The “Mercer Median” is the median performance of a whole bunch of mutual funds, from the “Mercer Institutional Pooled Funds report.” They also note that “the EWI is a price index and does not include dividends which would add at least another 1-1.5% to total returns.” The results are even more impressive if you take into account the dividends paid.

Don’t get your hopes up about buying a piece of the index from Shaunessey. They require a $2 million minimum to be a client. To just buy the index and not have a “fully-managed” portfolio with them, you will need to invest $6,666,666 million (0.15% as percent of assets, minimum fee is $10,000). More evidence that the more money one has, the more access one has to better investment advice and services.

It is possible to create your own S&P TSX 60 Equal-Weighted Index (EWI), however, paying $50 commission for each stock would become prohibitively expensive. To keep your commissions to 1% of your initial purchase you would need $300,000 total assets. And rebalancing every quarter would also become very expensive.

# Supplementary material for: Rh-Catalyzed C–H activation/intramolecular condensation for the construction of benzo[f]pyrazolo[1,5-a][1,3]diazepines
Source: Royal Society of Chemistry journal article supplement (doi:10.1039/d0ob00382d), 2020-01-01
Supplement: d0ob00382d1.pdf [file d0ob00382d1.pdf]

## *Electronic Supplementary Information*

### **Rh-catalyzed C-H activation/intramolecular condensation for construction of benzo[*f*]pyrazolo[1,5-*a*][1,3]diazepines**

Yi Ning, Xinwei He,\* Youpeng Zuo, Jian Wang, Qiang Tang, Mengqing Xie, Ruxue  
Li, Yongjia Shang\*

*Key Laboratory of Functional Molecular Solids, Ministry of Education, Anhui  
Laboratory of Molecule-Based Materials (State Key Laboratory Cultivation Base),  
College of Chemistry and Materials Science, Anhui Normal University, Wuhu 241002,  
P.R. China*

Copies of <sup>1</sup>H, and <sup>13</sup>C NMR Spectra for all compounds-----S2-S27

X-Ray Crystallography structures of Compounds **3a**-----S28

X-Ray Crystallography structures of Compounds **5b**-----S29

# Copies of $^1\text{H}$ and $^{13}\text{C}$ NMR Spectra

Another way to have an approximation to Shaunessey’s index would be to buy certain amounts of sector ETFs and rebalance the allocation of each ETF regularly; however, within each sector ETF the stocks would still be market-cap-weighted.

The best way I can think of to create your own S&P TSX 60 EWI is to use Shareowner . It looks like you could buy 60 stocks for $36 using Shareowner and have your dividends reinvested for free.

New PC Financial Accounts